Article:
When landing at Plymouth Rock (after Columbus invaded "America"), these relocated Europeans had to depend on the "uncivilized red-skinned Injuns" (as many of our televised Western heroes have put it) for their first Thanksgiving! What we fail to realize is that Latinos/Chicanos/Hispanics, etc., were a part of "America" before Aztlan became "America"! My ancestors conquered and tamed the area in and around the San Luis Valley. They were doing pretty damned good before land grants, magistrates and the so-called Constitution ever existed!!
Wake up, Latinos. Take a look at our jails and prisons. At least 90 percent of the population is made up of "minorities." Talk to the prisoners. Listen to their stories--the arrests, the trials, the convictions--then ask about the living conditions, how time is wasted, etc. Probably 75 percent of these people are illiterate; education is a must! Does this "Constitution" even exist for us?
It's no wonder that our children fight the system. Hard work and honesty has never been a part of the "American way" for us.
Fred L. Medina
Denver County Jail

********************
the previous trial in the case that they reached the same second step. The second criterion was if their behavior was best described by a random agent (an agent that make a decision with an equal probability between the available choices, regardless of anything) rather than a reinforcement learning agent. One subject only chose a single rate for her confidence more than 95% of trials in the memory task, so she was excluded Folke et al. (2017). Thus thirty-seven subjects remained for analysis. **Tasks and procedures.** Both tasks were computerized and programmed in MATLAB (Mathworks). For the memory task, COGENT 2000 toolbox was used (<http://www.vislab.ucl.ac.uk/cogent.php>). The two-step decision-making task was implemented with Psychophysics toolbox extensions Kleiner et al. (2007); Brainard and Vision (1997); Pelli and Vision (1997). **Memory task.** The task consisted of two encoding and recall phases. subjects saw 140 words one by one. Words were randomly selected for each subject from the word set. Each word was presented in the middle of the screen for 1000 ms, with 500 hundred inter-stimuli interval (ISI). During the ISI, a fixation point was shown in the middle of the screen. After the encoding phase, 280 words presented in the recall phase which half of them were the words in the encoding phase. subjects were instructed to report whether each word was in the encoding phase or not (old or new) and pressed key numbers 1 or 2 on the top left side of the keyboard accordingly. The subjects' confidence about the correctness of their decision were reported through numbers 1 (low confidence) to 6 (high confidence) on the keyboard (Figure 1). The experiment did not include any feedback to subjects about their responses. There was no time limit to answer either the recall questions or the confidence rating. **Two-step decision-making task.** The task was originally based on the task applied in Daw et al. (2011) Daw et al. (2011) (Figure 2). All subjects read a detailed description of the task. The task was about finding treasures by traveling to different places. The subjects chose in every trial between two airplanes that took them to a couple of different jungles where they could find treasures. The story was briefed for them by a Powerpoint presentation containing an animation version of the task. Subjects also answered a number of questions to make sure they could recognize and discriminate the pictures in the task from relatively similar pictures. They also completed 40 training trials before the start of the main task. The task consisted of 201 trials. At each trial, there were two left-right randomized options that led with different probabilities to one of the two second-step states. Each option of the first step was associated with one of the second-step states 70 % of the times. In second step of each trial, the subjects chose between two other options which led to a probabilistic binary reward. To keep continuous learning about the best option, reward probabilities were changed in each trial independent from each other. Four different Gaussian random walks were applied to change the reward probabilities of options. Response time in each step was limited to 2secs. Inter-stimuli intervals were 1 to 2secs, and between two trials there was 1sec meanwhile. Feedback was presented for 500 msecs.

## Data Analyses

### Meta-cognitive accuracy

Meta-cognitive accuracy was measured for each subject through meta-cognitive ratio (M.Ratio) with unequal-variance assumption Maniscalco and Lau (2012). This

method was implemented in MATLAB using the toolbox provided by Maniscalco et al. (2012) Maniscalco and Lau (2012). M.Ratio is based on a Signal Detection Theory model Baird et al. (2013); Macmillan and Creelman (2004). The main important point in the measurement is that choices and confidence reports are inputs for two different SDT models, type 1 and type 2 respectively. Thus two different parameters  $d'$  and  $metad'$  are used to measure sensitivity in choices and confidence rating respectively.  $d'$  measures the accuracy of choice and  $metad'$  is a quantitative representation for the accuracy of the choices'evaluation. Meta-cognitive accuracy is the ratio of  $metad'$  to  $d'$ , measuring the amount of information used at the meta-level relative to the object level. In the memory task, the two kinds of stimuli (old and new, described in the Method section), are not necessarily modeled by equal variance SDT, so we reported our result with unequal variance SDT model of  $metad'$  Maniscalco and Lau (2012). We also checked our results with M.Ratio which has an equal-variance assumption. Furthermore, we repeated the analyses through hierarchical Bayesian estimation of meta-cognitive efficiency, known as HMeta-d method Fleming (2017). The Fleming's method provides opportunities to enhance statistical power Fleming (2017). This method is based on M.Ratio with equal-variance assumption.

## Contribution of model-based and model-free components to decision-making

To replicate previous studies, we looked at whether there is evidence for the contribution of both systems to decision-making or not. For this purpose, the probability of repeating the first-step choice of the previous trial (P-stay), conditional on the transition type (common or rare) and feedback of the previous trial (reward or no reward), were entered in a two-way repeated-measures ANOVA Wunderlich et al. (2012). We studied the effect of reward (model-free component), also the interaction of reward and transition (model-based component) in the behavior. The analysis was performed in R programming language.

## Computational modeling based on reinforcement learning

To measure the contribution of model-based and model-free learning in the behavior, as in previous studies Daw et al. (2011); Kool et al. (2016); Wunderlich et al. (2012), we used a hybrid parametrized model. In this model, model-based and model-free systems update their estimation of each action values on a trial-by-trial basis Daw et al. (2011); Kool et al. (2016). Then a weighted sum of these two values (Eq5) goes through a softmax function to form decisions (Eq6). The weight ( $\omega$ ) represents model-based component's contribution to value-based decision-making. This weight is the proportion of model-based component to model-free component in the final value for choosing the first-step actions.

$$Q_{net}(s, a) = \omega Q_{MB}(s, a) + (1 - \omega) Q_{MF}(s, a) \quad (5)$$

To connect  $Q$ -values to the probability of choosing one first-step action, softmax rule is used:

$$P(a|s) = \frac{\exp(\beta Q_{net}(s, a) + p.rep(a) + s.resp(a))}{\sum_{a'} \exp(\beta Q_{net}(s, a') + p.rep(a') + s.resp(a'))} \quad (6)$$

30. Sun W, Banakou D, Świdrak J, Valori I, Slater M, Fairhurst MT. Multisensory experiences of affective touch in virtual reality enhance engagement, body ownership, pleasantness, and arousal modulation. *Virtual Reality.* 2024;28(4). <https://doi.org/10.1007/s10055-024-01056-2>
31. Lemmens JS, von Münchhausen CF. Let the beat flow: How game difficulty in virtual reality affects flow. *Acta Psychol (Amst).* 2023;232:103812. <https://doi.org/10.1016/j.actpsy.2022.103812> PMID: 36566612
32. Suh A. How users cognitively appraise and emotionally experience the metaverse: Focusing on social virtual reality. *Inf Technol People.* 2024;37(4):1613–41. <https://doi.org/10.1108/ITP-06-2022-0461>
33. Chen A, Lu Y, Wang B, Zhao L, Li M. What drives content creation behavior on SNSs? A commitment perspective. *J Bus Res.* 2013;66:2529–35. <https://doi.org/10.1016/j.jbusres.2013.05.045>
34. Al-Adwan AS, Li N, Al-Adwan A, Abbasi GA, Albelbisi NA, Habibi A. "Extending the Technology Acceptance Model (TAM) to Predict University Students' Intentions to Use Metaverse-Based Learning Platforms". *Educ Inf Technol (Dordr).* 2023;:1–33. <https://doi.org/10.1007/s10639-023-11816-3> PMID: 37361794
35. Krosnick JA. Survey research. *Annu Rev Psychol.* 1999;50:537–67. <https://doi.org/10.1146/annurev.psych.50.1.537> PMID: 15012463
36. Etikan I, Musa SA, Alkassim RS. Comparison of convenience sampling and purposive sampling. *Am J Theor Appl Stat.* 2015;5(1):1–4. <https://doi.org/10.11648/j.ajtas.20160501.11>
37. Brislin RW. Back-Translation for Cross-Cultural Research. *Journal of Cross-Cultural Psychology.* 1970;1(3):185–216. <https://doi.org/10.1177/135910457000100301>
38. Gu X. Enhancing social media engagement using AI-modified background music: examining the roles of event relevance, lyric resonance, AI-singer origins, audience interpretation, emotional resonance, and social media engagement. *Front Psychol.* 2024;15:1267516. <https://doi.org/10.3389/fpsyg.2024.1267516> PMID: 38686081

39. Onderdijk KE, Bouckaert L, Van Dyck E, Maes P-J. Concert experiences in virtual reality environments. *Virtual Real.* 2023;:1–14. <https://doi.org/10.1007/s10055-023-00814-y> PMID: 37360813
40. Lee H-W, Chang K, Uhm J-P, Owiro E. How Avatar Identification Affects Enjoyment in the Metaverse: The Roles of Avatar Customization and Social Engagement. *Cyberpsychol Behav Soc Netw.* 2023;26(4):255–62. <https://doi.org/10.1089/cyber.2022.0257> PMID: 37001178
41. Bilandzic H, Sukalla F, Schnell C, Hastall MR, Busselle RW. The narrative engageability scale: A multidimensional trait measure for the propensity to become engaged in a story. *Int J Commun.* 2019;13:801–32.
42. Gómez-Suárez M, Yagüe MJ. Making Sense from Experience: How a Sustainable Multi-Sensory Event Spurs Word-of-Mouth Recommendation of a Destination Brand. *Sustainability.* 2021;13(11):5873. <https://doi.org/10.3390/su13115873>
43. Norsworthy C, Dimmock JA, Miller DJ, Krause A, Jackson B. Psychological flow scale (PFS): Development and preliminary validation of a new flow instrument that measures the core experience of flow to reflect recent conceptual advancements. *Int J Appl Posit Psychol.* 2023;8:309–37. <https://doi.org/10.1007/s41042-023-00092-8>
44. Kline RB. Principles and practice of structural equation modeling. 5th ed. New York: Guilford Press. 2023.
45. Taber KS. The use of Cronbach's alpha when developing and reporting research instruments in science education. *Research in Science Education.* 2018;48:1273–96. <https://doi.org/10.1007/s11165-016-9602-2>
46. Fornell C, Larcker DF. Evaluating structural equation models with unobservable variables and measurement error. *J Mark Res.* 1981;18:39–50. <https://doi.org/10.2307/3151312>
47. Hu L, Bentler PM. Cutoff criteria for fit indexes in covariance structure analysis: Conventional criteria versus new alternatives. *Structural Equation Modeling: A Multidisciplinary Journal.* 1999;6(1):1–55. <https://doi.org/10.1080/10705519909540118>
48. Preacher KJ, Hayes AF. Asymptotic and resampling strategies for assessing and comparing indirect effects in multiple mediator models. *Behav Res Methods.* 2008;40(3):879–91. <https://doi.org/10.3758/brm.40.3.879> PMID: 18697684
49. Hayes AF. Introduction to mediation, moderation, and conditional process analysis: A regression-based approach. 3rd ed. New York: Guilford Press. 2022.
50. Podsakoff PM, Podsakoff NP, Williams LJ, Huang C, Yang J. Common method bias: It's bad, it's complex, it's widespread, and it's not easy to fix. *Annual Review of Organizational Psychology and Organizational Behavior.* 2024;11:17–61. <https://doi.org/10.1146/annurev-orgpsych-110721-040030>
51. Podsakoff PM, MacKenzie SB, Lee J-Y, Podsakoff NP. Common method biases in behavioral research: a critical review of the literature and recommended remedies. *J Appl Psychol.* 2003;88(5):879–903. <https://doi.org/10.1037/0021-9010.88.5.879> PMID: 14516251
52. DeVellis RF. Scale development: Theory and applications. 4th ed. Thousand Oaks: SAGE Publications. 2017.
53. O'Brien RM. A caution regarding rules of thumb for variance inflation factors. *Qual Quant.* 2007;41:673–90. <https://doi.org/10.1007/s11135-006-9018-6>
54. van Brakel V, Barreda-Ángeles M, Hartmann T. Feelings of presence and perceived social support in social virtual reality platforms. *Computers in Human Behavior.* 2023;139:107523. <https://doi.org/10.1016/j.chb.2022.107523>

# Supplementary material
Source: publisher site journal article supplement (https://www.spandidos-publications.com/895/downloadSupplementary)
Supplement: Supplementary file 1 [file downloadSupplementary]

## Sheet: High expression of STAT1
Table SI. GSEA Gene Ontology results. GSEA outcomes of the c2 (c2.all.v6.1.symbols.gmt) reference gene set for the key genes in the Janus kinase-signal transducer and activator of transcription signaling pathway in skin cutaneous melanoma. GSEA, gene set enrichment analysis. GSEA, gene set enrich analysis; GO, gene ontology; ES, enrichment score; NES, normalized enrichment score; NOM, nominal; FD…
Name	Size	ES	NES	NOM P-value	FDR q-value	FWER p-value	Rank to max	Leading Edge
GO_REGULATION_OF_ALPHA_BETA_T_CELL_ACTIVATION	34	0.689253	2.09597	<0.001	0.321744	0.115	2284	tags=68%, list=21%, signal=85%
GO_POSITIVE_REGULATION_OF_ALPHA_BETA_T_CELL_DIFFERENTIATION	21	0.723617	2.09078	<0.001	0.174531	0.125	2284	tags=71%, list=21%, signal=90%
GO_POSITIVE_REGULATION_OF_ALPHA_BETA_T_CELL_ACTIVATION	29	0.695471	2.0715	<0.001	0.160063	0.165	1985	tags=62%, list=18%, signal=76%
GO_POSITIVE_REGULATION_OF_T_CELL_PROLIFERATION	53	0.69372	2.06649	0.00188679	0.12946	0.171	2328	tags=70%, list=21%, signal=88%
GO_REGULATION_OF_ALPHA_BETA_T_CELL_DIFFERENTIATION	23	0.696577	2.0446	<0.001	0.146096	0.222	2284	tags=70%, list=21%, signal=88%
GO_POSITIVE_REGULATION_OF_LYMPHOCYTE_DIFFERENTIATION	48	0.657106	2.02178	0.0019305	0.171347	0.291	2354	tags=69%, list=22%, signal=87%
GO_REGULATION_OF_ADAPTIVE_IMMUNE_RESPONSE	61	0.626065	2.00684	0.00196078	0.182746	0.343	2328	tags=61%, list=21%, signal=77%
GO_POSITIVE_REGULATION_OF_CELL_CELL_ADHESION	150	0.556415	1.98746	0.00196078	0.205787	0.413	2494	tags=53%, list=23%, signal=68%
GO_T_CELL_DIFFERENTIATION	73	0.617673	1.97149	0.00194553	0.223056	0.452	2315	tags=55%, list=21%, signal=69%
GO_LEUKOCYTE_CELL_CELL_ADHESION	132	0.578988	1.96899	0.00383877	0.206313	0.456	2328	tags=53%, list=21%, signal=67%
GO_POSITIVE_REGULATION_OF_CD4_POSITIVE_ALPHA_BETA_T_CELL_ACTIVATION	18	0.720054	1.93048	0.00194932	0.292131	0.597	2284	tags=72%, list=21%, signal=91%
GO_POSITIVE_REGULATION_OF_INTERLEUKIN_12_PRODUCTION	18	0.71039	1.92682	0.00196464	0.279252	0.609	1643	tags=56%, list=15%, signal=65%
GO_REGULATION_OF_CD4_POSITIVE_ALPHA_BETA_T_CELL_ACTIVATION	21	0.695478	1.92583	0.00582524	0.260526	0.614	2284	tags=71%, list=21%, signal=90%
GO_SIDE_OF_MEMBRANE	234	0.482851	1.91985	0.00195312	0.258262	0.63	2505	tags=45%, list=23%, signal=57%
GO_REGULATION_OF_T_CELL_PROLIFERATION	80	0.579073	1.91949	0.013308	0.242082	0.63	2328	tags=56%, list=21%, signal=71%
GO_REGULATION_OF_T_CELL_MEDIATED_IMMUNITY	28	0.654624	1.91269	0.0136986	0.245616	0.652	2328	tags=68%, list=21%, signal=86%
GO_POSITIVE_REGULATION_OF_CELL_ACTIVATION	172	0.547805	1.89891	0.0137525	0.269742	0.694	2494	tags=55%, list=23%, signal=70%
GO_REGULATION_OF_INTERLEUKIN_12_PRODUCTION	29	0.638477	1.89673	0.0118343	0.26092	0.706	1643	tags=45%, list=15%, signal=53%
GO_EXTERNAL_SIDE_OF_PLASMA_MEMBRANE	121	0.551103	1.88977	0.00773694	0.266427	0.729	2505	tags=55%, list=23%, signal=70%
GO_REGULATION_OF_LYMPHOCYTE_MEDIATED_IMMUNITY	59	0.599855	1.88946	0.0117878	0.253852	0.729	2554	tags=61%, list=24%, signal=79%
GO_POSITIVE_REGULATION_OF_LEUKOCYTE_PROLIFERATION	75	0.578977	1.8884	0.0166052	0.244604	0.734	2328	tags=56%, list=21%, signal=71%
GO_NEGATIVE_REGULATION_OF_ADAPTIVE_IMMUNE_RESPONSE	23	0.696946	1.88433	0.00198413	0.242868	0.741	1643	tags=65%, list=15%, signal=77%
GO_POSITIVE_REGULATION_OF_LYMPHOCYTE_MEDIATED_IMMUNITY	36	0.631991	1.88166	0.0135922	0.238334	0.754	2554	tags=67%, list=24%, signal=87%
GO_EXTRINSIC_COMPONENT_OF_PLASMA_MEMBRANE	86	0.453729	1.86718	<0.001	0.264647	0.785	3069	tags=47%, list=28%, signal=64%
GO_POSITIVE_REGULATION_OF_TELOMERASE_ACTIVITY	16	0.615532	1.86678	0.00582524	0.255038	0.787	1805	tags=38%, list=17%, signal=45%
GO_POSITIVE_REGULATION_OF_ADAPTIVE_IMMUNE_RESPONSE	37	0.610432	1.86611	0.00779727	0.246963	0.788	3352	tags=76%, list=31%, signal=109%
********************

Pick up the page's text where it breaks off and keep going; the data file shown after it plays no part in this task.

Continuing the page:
At Cross Purposes
Has anyone noticed the growing hostility toward and intolerance of Christianity? It is well demonstrated regularly in Westword and most recently by Jane Conrad's October 5 tirade in the Letters column.
Dishonesty, lies and disinformation are the lifeblood of the anti-Christian rhetoric that is loudly trumpeted by those who constantly attack Christians. I do not defend all actions by all who claim to be Christians. I would oppose some more than you ever could. People in any category can be found deserving of criticism. It is typical to mock, attack and denigrate Christians in any way possible, but this misses the point entirely. The substance of Christian faith is never addressed.
So it all comes down to this: Who do you say Jesus Christ is? I suggest that you give it some serious thought and a sincere examination, because your conclusion is most important.
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All Together Now Regarding Michael Roberts's "Come Together--Again," in the September 14 issue:
Racing profound, a thought inspection
Detailed life, of Mr. Roberts's collection
Ideas being sought, letters he's saved
Of old bands reuniting and the money they'll make.
Gone is the image that was way before
But you sit at your desk in 1994
The capturing of a moment, Mr. Roberts, gone by
Tuning right in, the money wasn't right.
You'll spend your life looking at letters that are gone forever
Strange as it may be, it's just the moments of your life.